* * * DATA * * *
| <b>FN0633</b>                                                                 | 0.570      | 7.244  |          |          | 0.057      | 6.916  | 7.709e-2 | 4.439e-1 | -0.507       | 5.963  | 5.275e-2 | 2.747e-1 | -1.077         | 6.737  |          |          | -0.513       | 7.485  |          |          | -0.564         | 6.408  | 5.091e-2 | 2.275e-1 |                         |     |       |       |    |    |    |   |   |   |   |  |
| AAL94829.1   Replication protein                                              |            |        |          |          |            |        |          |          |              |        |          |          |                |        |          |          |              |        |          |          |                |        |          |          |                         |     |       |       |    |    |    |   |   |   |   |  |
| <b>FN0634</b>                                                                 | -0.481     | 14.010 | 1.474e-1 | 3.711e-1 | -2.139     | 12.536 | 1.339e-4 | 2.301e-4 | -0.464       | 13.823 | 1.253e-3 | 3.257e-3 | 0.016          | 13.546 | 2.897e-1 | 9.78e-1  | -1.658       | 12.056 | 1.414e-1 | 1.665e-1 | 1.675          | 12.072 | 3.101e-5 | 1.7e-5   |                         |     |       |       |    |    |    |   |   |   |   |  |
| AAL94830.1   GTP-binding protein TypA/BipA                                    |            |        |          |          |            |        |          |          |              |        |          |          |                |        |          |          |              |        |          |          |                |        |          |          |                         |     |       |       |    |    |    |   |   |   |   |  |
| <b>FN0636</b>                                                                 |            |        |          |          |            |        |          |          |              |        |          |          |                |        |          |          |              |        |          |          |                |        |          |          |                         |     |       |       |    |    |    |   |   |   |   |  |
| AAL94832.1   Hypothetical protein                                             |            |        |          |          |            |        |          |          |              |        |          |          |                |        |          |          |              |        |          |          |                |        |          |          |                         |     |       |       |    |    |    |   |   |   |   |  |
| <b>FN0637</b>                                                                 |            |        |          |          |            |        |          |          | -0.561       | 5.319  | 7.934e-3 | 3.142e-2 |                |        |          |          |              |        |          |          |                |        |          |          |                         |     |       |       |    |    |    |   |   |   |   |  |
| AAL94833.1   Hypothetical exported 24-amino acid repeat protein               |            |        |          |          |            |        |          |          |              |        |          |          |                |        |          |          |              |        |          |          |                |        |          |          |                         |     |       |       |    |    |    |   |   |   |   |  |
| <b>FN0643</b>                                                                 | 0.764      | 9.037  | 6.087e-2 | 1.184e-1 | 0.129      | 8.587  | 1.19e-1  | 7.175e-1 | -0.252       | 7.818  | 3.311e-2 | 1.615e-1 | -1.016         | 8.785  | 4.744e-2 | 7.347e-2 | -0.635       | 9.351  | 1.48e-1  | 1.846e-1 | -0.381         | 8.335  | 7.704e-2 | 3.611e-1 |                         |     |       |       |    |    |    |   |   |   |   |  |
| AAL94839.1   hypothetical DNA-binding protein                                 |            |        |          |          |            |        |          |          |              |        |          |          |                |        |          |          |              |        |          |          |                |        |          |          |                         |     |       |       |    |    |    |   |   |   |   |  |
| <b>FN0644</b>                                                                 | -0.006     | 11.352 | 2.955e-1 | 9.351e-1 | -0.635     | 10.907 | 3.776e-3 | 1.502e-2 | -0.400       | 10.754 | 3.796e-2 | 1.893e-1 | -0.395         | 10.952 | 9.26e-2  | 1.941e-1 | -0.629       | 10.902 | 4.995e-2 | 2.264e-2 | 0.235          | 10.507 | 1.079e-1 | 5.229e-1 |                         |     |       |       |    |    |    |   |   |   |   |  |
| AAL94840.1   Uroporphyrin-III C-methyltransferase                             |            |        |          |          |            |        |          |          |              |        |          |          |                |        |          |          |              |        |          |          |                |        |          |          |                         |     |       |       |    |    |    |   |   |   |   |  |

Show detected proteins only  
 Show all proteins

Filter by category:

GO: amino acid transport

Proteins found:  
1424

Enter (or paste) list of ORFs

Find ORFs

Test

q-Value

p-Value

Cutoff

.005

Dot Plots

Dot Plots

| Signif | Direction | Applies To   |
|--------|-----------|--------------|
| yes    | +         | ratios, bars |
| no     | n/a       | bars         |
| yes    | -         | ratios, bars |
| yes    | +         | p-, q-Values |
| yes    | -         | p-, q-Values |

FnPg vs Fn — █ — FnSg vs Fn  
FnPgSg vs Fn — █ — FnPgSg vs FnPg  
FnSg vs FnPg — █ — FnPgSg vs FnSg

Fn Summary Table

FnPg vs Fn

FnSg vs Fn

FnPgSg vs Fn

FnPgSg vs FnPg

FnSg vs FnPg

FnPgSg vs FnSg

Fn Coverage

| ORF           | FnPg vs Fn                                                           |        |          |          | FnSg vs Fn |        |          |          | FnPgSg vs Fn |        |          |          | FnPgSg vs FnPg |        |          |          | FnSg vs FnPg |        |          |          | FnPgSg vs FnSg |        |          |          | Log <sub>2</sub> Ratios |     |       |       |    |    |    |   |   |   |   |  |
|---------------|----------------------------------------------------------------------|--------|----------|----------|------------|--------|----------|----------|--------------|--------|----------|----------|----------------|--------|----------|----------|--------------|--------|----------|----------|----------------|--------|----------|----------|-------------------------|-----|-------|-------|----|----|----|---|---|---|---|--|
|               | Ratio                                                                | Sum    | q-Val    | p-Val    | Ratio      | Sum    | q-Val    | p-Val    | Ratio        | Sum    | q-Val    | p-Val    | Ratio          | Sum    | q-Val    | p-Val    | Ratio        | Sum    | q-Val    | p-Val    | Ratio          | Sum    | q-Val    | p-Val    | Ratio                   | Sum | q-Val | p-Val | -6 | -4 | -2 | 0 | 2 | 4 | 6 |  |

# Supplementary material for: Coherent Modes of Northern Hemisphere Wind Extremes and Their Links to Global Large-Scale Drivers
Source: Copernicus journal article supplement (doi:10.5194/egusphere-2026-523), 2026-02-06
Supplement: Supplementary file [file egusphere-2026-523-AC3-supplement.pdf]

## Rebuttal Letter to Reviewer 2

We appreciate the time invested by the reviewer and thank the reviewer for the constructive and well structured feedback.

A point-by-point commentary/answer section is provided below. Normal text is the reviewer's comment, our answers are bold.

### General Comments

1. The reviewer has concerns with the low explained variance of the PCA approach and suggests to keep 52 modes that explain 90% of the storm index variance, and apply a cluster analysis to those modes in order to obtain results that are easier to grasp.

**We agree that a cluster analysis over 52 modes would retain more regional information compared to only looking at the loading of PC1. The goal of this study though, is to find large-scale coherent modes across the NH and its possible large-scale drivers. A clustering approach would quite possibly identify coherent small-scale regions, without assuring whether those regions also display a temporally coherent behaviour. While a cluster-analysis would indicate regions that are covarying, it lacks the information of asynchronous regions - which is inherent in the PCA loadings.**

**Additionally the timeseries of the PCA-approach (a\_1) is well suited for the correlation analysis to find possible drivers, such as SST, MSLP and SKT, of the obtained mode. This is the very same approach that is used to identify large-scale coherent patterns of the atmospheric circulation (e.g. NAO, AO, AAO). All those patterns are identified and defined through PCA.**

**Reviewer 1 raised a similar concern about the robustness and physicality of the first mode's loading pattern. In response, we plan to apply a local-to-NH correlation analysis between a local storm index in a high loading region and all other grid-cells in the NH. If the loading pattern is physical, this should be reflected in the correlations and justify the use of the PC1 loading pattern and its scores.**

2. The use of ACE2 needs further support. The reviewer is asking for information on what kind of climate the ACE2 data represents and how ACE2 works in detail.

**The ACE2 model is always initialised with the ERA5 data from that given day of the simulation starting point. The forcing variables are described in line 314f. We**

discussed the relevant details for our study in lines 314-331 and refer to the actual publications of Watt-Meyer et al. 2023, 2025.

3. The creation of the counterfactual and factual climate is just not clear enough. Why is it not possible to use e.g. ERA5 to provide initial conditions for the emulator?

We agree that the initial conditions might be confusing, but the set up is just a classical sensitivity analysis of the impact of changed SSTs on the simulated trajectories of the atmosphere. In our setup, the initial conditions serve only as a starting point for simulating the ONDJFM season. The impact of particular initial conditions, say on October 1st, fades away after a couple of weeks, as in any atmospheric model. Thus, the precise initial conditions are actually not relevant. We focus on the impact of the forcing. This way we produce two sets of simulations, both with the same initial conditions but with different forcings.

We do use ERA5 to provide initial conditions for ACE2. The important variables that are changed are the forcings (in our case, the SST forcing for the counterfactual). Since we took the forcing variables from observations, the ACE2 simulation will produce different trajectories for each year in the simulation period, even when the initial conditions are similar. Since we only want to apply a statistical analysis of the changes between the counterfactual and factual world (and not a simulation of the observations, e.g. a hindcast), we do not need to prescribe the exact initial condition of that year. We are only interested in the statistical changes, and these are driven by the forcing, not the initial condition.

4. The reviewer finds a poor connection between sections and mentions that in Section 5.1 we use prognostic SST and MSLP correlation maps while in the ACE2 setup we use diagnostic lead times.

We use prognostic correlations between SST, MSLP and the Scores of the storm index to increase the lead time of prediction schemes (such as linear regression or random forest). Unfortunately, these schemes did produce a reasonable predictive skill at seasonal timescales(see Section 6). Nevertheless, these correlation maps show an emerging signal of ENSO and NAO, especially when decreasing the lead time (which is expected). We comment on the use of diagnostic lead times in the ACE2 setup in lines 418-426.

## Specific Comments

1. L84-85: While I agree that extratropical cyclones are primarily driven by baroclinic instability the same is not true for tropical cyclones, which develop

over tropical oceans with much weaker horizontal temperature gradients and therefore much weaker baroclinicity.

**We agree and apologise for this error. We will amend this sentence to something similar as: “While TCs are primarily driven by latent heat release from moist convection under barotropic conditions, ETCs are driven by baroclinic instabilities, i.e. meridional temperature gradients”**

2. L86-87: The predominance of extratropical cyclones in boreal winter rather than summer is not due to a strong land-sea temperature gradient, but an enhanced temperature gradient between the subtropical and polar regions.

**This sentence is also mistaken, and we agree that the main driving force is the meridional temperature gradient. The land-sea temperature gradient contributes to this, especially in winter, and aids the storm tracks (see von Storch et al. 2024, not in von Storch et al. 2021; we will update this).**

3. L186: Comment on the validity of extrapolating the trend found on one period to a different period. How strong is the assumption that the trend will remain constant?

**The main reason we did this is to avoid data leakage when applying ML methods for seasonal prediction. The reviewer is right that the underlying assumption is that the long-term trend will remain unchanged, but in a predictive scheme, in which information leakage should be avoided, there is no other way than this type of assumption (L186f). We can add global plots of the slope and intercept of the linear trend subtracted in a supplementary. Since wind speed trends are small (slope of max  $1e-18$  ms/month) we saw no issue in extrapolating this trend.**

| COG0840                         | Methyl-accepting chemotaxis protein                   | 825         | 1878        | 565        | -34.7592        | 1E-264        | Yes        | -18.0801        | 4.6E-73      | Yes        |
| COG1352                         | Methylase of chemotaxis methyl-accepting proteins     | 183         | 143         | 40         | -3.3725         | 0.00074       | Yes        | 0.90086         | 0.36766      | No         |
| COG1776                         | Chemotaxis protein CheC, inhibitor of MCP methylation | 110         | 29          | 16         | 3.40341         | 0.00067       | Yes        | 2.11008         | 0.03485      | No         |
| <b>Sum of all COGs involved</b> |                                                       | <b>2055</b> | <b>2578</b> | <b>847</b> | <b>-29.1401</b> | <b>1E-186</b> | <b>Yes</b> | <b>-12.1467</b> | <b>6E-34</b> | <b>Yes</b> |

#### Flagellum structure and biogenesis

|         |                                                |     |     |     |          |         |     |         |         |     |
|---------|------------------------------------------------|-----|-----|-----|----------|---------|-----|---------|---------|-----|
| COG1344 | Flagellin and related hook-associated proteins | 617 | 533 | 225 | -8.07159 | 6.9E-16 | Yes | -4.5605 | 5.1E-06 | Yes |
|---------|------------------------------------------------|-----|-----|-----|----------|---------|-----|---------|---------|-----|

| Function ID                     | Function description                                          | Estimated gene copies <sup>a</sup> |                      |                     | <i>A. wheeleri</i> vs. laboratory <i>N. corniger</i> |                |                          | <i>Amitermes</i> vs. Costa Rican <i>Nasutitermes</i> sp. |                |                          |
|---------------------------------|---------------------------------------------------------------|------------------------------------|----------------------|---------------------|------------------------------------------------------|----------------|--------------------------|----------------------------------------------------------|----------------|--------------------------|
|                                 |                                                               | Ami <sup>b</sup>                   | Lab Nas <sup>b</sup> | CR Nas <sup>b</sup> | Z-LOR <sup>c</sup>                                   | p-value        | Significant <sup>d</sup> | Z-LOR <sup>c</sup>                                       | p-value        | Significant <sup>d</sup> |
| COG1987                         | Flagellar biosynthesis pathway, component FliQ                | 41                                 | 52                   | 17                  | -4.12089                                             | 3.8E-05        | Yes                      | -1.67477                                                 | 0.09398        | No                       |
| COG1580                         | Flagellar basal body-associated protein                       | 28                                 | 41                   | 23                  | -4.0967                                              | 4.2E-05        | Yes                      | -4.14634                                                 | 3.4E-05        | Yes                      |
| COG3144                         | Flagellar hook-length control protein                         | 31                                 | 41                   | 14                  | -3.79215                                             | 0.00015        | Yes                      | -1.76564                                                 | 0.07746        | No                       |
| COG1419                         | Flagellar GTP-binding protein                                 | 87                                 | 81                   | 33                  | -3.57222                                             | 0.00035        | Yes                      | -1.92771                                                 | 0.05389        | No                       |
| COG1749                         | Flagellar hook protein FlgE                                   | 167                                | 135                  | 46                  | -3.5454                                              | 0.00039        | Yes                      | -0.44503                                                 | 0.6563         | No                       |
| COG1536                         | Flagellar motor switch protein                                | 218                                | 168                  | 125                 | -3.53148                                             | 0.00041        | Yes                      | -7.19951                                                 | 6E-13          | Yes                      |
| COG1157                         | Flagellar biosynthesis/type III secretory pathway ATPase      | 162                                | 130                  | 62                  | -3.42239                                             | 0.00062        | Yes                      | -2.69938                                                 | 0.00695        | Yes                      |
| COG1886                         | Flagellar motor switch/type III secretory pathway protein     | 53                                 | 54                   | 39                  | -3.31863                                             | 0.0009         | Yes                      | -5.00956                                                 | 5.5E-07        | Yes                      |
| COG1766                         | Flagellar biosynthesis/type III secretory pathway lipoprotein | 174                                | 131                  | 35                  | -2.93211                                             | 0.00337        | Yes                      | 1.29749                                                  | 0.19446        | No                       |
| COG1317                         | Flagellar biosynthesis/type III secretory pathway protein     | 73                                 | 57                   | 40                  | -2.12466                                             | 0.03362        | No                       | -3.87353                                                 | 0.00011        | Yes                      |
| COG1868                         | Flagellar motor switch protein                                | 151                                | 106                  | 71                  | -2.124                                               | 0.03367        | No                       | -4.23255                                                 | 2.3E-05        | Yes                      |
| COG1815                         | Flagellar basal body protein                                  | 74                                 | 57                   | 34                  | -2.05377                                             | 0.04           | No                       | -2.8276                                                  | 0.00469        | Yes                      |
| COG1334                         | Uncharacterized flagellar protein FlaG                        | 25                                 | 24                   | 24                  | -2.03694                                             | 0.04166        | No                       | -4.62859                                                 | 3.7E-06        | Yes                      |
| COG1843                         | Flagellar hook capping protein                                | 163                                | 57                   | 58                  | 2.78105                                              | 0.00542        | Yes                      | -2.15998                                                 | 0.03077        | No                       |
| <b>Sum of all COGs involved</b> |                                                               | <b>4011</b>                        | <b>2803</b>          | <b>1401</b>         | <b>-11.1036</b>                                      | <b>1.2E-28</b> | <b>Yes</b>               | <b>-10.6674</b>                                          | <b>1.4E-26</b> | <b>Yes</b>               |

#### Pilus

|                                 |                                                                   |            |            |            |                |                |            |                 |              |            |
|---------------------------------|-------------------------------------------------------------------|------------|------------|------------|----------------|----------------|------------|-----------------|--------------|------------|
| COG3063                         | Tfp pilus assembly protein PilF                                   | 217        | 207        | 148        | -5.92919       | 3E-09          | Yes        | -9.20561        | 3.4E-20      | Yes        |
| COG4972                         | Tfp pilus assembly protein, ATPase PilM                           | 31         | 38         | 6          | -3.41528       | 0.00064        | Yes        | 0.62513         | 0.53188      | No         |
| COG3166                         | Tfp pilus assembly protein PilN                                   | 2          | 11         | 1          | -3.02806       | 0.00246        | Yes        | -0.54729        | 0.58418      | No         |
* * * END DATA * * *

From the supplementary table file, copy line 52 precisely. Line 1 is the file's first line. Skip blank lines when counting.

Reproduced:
## Rebuttal Letter to Reviewer 2